It’s not a final ruling on the merits of the challenge to executive amnesty, but it’s a decent indication of where the courts will end up on the question. Given the opportunity to lift the temporary injunction against Barack Obama’s executive actions to expand immigration clemency and to allow for work permits, the Fifth Circuit Court of Appeals instead kept it in place while the lawsuit from 26 states proceeds in district court:

A federal appeals court refused Tuesday to lift a temporary hold on President Barack Obama’s executive action that could shield as many as 5 million immigrants illegally living in the U.S. from deportation.

The U.S. Justice Department had asked the 5th U.S. Circuit Court of Appeals to reverse a Texas judge who agreed to temporarily block the president’s plan in February, after 26 states filed a lawsuit alleging Obama’s action was unconstitutional. But two out of three judges on a court panel voted to deny the government’s request. …

Justice Department lawyers sought a stay while they appealed the injunction. They argued that keeping the temporary hold interfered with the Homeland Security Department’s ability to protect the U.S. and secure the nation’s borders. They also said immigration policy is a domain of the federal government, not the states.

But, in Tuesday’s ruling, 5th Circuit judges Jerry Smith and Jennifer Walker Elrod denied the stay, saying in an opinion written by Smith, that the federal government lawyers are unlikely to succeed on the merits of that appeal. Judge Stephen Higginson dissented.

That’s bad news for the White House, which had painted this as a common-sense use of executive power and the injunction as unnecessary. They weren’t exactly subtle about their estimation of the Obama administration’s arguments, either:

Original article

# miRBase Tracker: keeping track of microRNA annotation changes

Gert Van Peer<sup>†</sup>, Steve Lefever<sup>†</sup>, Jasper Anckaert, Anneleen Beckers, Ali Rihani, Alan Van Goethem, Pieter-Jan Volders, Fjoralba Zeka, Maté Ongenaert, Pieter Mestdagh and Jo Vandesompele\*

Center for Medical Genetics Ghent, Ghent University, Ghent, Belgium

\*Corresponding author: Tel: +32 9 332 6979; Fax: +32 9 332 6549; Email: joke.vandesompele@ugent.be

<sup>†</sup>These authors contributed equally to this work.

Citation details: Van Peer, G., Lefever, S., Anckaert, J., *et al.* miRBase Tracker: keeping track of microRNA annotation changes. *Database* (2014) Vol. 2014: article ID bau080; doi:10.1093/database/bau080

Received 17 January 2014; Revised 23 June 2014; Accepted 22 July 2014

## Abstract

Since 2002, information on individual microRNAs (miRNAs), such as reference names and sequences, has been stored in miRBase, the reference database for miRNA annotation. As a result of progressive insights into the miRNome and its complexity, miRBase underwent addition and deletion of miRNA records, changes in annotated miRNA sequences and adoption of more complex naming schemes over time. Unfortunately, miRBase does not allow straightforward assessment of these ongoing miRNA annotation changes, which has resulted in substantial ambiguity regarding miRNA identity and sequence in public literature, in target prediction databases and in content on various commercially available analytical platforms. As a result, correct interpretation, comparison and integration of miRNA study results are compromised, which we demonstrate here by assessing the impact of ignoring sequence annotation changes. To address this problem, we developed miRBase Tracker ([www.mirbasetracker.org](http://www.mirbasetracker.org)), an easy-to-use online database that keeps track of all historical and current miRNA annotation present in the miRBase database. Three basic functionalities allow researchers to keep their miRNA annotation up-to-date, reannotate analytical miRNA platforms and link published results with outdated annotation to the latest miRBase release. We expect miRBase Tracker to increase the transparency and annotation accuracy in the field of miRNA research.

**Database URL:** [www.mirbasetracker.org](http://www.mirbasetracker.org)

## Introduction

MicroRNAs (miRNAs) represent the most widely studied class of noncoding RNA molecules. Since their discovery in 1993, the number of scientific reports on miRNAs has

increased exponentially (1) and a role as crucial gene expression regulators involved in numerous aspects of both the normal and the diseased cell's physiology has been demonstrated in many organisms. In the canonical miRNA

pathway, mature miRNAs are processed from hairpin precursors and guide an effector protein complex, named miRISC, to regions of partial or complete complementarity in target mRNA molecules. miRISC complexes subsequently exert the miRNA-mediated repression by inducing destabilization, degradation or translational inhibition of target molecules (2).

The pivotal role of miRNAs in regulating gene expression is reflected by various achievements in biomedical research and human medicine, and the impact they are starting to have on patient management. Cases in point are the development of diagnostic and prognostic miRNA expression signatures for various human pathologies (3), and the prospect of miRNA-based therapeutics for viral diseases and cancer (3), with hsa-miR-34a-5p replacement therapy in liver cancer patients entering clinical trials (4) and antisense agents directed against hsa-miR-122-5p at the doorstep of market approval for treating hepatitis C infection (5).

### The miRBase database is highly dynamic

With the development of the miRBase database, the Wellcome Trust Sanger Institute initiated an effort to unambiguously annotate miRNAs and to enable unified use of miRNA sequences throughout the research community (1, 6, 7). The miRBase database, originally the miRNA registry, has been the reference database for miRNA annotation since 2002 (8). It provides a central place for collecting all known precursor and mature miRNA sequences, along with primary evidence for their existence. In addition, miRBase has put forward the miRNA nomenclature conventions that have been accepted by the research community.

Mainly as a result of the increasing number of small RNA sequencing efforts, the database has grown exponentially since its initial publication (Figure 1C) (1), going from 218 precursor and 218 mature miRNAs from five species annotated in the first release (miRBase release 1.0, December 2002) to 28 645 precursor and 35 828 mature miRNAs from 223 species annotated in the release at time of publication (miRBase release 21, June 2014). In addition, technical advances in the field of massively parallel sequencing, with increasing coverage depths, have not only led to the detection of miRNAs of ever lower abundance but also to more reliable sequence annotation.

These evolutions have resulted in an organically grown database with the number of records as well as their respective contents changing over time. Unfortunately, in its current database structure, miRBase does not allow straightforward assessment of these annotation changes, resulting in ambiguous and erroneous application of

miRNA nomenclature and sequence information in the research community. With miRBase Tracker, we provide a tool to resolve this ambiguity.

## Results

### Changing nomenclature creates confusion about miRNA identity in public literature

There was also this:

The states say the injunction maintains the separation of powers and ensures that a major new policy undergoes notice and comment. And as a prudential matter, if the injunction is stayed but DAPA is ultimately invalidated, deportable aliens would have identified themselves without receiving the expected benefits. The public interest favors maintenance of the injunction, and even if that were not so, in light of the fact that the first three factors favor the states and that the injunction merely maintains the status quo while the court considers the issue, a stay pending appeal is far from justified.

In fact, the decision runs 42 pages, and the dissent another 26. The appellate court took up what appears to be the entire case, and not just the question of lifting the injunction. The 2-1 majority found the arguments from the states prevailing in all instances (“The remaining factors also favor the states”), which sends a signal to the district court that would not be missed even if the judge there wasn’t already unhappy with the Obama administration’s conduct in the case.

The White House can appeal this to the Fifth Circuit en banc or to the Supreme Court, but neither will likely go so far afield from this encyclopedic takedown to lift an injunction while the district court hears the lawsuits. The Obama administration may be better advised at this point to stick to the district court and appeal the eventual overturning of its executive amnesty.